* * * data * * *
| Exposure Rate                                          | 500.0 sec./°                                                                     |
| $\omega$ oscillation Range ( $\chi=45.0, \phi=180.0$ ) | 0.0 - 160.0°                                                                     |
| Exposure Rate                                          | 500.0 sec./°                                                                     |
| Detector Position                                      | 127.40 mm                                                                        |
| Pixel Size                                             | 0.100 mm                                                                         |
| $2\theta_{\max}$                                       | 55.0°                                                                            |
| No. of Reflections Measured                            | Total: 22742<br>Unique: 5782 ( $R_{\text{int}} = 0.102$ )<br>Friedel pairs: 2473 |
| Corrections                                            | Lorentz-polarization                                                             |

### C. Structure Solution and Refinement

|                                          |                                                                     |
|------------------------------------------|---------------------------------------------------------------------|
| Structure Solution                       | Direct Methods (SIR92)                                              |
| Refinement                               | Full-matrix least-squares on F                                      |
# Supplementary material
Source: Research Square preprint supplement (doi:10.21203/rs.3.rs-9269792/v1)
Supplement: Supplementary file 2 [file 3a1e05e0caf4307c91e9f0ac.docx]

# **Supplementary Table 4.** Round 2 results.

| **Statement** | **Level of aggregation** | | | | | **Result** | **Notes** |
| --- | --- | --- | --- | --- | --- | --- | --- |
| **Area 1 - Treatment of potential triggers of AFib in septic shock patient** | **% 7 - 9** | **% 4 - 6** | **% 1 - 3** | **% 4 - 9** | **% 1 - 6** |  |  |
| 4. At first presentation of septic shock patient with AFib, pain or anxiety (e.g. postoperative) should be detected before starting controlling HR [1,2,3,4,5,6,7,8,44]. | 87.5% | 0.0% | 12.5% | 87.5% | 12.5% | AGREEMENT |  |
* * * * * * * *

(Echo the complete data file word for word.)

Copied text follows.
| Exposure Rate                                          | 500.0 sec./°                                                                     |
| $\omega$ oscillation Range ( $\chi=45.0, \phi=180.0$ ) | 0.0 - 160.0°                                                                     |
| Exposure Rate                                          | 500.0 sec./°                                                                     |
| Detector Position                                      | 127.40 mm                                                                        |
| Pixel Size                                             | 0.100 mm                                                                         |
| $2\theta_{\max}$                                       | 55.0°                                                                            |
| No. of Reflections Measured                            | Total: 22742<br>Unique: 5782 ( $R_{\text{int}} = 0.102$ )<br>Friedel pairs: 2473 |
| Corrections                                            | Lorentz-polarization                                                             |

### C. Structure Solution and Refinement

|                                          |                                                                     |
|------------------------------------------|---------------------------------------------------------------------|
| Structure Solution                       | Direct Methods (SIR92)                                              |
| Refinement                               | Full-matrix least-squares on F                                      |
# Supplementary material
Source: Research Square preprint supplement (doi:10.21203/rs.3.rs-9269792/v1)
Supplement: Supplementary file 2 [file 3a1e05e0caf4307c91e9f0ac.docx]

# **Supplementary Table 4.** Round 2 results.

| **Statement** | **Level of aggregation** | | | | | **Result** | **Notes** |
| --- | --- | --- | --- | --- | --- | --- | --- |
| **Area 1 - Treatment of potential triggers of AFib in septic shock patient** | **% 7 - 9** | **% 4 - 6** | **% 1 - 3** | **% 4 - 9** | **% 1 - 6** |  |  |
| 4. At first presentation of septic shock patient with AFib, pain or anxiety (e.g. postoperative) should be detected before starting controlling HR [1,2,3,4,5,6,7,8,44]. | 87.5% | 0.0% | 12.5% | 87.5% | 12.5% | AGREEMENT |  |